Alternative provision: Changing perceptions

Written by: Jacqueline Daniell | Published:
Image: Adobe Stock

Society’s perception of alternative provision is changing for the better, but work still needs to be done to ensure schools support their excluded students to receive an appropriately tailored delivery of education, says Jacqueline Daniell

The launch of the Timpson Review (DfE, May 2019) and the Department for Education’s (DfE) statistics on permanent and fixed period exclusions in England from 2017 to 2018 (DfE, July 2019) show an increasing focus on exclusions and alternative provision (AP).

At first glance, the DfE statistics seem to bring good news: the increase in permanent exclusions in recent years has slowed. While this sounds positive, sadly numbers are still climbing, with pupil figures across all state-funded primary, secondary and special schools increasing from 7,700 in 2016/17 to 7,900 in 2017/18.

Permanent exclusions in secondary schools are now 0.2 per cent (two pupils per 1,000), totalling more than 20,000 pupils in the UK – this figure based on data from the DfE, Welsh government, Scottish government and Northern Ireland’s Department of Education (2016/17).

Dampening the news further, fixed period exclusions have increased by eight per cent from 381,900 in 2016/17 to 410,800 in 2017/18 with the majority of these (80 per cent) from secondary schools.

Excluded pupils are traditionally considered to be those with persistent disruptive behaviour or other anti-social conduct that cannot be tolerated in a learning environment. We associate these young people with low achievement, failing grades, slow learning and ill-adjustment, and it is true that 30 per cent of excluded students do fit this description. However, 70 per cent do not.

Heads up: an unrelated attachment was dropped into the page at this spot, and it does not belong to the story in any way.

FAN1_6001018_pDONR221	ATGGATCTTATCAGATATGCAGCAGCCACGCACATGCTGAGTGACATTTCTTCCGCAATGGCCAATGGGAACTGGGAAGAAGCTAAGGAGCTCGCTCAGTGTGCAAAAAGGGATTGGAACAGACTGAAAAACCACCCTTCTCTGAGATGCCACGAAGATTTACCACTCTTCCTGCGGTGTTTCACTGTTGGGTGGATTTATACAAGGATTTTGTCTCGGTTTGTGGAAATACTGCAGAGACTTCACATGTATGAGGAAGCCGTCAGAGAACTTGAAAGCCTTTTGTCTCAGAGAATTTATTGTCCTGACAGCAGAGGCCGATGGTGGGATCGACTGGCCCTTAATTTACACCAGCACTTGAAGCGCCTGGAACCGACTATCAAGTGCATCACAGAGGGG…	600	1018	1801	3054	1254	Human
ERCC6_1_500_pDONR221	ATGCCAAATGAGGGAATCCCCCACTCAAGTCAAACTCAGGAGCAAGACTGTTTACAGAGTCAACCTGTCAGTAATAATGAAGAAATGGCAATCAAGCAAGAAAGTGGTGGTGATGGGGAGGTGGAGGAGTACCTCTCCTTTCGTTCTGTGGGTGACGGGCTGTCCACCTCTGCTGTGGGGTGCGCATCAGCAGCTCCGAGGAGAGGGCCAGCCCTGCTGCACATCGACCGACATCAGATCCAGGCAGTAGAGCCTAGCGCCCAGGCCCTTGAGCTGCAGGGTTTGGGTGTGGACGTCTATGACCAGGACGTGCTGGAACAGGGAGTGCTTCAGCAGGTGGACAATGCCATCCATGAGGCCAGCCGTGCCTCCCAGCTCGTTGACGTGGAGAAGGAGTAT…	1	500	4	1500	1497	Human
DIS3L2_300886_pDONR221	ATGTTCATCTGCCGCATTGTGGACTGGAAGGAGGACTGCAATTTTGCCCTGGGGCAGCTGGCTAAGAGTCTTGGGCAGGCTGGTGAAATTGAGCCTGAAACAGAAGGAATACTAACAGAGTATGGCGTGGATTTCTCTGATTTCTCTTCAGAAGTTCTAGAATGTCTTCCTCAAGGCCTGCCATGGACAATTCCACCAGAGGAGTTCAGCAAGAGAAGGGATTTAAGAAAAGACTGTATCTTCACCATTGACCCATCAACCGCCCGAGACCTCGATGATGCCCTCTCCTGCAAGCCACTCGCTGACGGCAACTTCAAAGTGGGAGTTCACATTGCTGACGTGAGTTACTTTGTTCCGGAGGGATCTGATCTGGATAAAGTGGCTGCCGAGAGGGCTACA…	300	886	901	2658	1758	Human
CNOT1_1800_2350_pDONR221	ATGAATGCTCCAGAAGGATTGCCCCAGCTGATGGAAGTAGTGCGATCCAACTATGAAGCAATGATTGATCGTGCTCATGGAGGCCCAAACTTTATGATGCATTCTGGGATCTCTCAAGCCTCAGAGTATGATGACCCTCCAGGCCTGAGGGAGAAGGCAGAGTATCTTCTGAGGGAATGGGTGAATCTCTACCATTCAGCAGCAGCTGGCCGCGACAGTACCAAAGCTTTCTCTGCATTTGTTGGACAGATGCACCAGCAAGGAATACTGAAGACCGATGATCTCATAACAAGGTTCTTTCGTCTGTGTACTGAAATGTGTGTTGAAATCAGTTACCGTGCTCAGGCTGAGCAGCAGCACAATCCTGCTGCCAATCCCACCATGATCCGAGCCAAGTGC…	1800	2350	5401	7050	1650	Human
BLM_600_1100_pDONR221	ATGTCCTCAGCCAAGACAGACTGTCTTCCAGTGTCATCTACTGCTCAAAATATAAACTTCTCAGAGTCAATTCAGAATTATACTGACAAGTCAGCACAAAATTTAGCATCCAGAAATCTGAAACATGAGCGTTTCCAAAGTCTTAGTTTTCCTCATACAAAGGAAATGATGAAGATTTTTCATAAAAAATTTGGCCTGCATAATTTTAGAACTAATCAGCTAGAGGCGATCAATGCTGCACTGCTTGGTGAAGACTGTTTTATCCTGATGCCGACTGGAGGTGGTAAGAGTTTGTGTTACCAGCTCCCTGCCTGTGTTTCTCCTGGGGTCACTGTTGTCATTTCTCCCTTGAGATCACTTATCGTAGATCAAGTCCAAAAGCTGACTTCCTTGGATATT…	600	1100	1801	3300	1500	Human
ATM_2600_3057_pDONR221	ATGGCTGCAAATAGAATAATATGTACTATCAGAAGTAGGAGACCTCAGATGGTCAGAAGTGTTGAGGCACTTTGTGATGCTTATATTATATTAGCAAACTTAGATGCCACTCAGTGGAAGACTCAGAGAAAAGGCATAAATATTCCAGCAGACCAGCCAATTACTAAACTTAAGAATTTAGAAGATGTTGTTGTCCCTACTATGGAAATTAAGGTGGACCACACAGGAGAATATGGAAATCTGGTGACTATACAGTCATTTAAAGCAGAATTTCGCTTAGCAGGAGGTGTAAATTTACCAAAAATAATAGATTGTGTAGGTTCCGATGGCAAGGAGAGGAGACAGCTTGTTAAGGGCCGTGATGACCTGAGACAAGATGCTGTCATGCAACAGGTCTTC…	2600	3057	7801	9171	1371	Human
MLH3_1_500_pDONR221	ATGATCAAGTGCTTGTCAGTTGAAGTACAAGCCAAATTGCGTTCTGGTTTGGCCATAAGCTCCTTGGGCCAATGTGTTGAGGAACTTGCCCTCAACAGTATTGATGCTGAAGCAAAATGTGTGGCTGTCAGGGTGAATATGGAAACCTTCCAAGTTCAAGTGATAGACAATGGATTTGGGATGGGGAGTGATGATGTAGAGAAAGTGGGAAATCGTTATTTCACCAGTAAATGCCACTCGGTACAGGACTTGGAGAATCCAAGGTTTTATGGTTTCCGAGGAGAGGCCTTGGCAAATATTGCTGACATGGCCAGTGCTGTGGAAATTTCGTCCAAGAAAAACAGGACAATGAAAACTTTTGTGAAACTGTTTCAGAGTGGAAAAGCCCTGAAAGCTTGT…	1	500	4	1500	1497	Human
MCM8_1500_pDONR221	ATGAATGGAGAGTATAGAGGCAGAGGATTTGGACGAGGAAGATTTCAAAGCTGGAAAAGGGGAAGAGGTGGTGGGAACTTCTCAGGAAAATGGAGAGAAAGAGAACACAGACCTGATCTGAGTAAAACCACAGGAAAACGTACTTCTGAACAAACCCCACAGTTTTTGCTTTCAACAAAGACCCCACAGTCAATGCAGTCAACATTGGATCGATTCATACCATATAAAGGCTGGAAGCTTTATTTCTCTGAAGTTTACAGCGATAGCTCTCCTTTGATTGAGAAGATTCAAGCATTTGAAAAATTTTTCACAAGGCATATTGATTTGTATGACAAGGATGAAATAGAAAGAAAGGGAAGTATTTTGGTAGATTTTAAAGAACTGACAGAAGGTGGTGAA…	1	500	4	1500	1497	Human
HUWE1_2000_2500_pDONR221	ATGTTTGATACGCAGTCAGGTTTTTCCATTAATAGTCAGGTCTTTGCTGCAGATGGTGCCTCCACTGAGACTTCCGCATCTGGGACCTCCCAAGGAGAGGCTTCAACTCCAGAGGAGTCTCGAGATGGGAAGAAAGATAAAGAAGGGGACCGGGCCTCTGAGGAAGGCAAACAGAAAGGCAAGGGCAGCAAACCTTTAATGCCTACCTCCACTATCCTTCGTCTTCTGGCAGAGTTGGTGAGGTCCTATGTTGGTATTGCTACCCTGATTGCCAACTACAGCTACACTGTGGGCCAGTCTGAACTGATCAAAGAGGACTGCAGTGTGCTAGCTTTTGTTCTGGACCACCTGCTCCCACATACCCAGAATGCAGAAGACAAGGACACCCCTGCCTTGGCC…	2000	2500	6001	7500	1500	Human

Thankfully, there is a changing perception of excluded students with a recognition that many may simply be young people who do not respond well to learning in a traditional school environment. In fact, some may display disruptive behaviour because they find the classroom environment uncomfortable.

Equally, alternative provision extends beyond catering for the needs of children who have been excluded; more and more students who find the traditional setting of a classroom overwhelming, problematic or have an on-going medical issue, are turning to alternative provision.

As we all know, if an exclusion is longer than five school days, it is the school’s responsibility to arrange suitable full-time education from the sixth school day, with pupil referral units being just one option.

Recognising this, government policy over recent years has introduced the concept of greater choice within education provision. At the same time, SEN Statements have been replaced by Education, Health and Care Plans (EHCPs) which place greater emphasis on pupil and parent voice within the selection, implementation and review of specialist alternative provision and correspondingly greater oversight and control of budgets.

Whereas historically alternative provision may have been viewed negatively, it is gradually being perceived in a more positive light by learners, parents and carers as independent alternative providers develop services to meet specific demand and needs. Second, this is driving greater diversity of provision, typically closely regulated through local authority quality assurance frameworks, providing more options, which is in turn better placed to support a broader range of learners.

A quote from a young student in the Education Select Committee’s alternative provision report (2018) best summarises the changing perception of alternative provision: “If you are talking about back then, if I had thought about alternative provision ... the only reason why I would not have picked it myself is because my family would look bad. It would look bad on my side, being in one … but, being in it now and having experienced it, I would have 100 per cent chosen it.”